By Tyler DURDEN
While Congressional Democrats spar over the ultimate size of President Biden’s “Build Back Better” economic plan, Bloomberg astutely points out that Americans have no clue what they’re signing up for with their tax dollars. In fact, according to a CBS News poll published Oct. 10, just 10% of Americans say they know the specifics of the bill, while only 1/3 think it would benefit them directly.
What’s more, “Not even Congress knows what the bill would accomplish, with the contents of the plan changing day-by-day as Democrats squabble over how much it should spend, who it should benefit and who should pay for it.”
For example, on Tuesday, the White House suggested it would jettison free community college. The next day, Democrats were focused on proposed tax hikes after moderate Sen. Kyrsten Sinema (D-AZ) put her foot down over corporate and personal tax rates.
In an attempt to provide some clarity (don’t hold your breath), Biden on Thursday night held a CNN town hall-style event (on the same night as Dune’s US release).
In short, their messaging sucks.
“I will state the obvious, but they need to shift the focus away from process to policy. So far, the coverage around their proposal is all around Democratic divisions, which inevitably makes it impossible to sell,” said former Marco Rubio communications director, Alex Conant. “Frankly, they need to talk about what their goals are,” he added. “Why is this necessary?”
Republicans, on the other hand, are clear on their messaging; “Massive government spending leads to massive tax hikes,” according to GOP strategist Ron Bonjean. “When you have a shifting number and shifting programs, it becomes confusing to follow.”
Instead of focusing on the legislation’s new investments in child care, the elderly, education, healthcare and climate change, Democratic lawmakers have openly haggled over the price tag. A standoff between the party’s progressive and centrist factions has created cable news-ready drama.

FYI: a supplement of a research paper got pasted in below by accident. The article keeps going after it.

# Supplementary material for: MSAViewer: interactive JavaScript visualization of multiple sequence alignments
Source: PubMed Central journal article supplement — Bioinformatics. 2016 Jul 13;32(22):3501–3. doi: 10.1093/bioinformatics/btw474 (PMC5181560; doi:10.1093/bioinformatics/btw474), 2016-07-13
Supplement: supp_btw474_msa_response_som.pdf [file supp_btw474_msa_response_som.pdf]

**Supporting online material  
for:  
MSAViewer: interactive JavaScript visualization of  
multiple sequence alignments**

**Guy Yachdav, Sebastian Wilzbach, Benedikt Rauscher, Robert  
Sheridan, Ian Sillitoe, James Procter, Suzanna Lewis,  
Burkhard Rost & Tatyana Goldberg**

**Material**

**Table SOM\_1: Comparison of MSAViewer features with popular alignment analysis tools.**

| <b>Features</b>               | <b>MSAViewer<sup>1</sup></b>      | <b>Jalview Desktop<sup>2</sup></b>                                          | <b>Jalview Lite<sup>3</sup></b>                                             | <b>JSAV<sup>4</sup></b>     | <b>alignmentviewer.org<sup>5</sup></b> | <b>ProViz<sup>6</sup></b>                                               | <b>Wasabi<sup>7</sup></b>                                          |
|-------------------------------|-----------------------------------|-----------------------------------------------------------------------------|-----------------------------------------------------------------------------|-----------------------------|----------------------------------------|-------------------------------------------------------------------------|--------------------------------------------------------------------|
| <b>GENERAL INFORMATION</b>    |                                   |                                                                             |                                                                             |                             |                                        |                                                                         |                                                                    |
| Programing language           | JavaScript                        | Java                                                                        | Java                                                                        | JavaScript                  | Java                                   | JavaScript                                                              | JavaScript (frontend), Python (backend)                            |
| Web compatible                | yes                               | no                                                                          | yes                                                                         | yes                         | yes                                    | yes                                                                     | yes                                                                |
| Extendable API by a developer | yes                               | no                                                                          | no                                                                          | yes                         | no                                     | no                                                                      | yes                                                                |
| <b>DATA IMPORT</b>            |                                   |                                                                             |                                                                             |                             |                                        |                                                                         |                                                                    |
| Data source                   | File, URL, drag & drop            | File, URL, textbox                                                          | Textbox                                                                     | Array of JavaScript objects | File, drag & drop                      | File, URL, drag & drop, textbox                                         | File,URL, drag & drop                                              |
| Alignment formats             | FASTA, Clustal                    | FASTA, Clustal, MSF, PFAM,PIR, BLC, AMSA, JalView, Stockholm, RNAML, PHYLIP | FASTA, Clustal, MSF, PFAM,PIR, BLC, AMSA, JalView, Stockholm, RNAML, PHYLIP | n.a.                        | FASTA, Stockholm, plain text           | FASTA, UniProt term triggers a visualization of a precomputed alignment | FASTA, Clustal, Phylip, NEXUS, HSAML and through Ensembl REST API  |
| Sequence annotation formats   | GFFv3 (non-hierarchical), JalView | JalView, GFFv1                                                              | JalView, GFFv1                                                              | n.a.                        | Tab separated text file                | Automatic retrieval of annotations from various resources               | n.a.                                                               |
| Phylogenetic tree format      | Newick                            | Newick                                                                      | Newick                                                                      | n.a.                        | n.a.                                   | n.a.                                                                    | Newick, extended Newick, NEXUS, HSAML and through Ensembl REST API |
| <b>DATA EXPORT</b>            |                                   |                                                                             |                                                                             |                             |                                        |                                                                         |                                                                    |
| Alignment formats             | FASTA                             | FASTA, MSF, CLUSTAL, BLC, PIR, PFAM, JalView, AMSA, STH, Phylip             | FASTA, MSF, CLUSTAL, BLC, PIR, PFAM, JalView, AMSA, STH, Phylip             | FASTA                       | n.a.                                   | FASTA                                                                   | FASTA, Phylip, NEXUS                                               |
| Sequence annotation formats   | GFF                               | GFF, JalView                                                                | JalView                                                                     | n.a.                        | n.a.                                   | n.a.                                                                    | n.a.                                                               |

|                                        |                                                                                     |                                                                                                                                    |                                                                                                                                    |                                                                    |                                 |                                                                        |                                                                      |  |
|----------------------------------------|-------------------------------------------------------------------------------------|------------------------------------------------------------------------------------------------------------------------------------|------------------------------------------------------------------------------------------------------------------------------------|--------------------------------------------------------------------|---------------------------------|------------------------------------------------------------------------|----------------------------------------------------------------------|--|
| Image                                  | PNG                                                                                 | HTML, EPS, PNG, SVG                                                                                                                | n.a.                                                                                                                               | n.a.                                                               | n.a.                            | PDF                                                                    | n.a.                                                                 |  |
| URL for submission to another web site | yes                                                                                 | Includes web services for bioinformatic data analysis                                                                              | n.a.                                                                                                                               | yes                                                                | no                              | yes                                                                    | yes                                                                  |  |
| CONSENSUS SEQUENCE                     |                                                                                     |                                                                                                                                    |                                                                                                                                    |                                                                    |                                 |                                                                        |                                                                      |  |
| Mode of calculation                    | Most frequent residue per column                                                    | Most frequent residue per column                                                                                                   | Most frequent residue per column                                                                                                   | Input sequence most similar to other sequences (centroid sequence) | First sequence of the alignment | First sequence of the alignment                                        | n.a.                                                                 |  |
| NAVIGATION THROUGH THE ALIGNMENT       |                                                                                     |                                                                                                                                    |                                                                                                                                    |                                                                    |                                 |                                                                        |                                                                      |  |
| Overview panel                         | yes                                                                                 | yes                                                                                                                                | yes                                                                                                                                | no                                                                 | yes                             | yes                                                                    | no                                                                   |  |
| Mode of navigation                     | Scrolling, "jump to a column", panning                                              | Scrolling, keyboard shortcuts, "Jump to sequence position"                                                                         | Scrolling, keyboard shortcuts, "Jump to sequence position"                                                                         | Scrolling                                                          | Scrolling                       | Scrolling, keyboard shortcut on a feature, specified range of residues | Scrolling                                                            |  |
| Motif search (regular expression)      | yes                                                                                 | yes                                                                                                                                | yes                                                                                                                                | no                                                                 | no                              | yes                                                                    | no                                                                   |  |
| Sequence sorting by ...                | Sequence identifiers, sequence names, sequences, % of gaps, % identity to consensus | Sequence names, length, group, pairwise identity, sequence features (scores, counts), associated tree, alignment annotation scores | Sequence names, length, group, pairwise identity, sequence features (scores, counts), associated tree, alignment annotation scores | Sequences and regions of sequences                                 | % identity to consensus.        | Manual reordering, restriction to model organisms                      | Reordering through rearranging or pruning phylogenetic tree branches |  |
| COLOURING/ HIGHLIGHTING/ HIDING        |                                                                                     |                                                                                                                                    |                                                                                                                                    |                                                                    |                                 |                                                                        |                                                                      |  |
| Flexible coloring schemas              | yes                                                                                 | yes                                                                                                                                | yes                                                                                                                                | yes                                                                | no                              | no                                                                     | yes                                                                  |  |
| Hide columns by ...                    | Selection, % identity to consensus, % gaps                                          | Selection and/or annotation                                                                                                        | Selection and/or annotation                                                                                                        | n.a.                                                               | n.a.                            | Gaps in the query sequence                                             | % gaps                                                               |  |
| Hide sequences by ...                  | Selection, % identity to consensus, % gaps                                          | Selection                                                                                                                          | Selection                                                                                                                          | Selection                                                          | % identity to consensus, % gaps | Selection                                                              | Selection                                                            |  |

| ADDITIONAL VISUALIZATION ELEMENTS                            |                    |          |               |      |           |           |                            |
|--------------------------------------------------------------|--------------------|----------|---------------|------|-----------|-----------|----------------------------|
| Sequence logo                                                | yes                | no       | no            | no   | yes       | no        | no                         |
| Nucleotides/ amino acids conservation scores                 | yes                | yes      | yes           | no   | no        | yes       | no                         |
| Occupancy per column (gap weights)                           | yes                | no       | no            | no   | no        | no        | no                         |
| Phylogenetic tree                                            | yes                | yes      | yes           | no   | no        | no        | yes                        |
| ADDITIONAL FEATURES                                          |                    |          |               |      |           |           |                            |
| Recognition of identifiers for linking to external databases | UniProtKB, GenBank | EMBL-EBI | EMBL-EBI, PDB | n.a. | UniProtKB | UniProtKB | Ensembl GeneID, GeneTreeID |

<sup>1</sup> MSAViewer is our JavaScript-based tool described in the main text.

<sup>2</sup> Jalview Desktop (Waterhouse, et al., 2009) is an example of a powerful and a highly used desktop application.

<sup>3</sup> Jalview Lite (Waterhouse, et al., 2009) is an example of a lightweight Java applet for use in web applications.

“Given how much is wrapped up in this package, it was always going to be a long and intense negotiation,” said Ben LaBolt, a former spokesperson for President Barack Obama. “One way to start is to build the case for the way this will help middle class families and focus the public on those conversations, while at the same time preserving room for the closed-door negotiations to bring all of the elements of the party together for the biggest, most comprehensive approach possible.” -Bloomberg
In a Wednesday speech in Scranton, PA, Biden tried – and failed – to convey how his economic agenda would help working class families – by intermingling stories about growing up in the area and programs contained in the legislation.
“Frankly, they’re about more than giving working families a break; they’re about positioning our country to compete in the long haul,” said Biden, doing his usual poor job of reading a teleprompter. “Economists left, right, and center agree.”
Meanwhile, Biden – let’s face it, Biden’s ‘advisers’ have failed to ink a final compromise between warring factions of Democrats. For the Build Back Better plan to pass, every single Senate Democrat must be on board. As moderates Sinema and Joe Manchin (D-WV) balk on the price tag and demanding deep cuts, progressive House Democrats are sure to similarly balk at passing the smaller, $1.2 trillion infrastructure package that’s already passed the Senate.
While advocacy groups have started to spend heavily to promote policies in the plan, most of the discussion remains centered on its cost.
Biden’s advisers are banking on the presumption that ordinary Americans don’t pay much attention to the machinations of everyday Washington. Much as they were during the presidential campaign, the president’s aides are largely dismissive of what they call horse-race stories.
But Biden’s team had a much easier time selling his pandemic relief legislation, the American Rescue Plan, in March, with its convenient focus on three clear issues — money for vaccines, money to re-open schools and checks sent directly to American households. -Bloomberg
“They haven’t laid out why we need this, other than Democrats are in power now and aren’t going to have it again for a long time,” said Conant.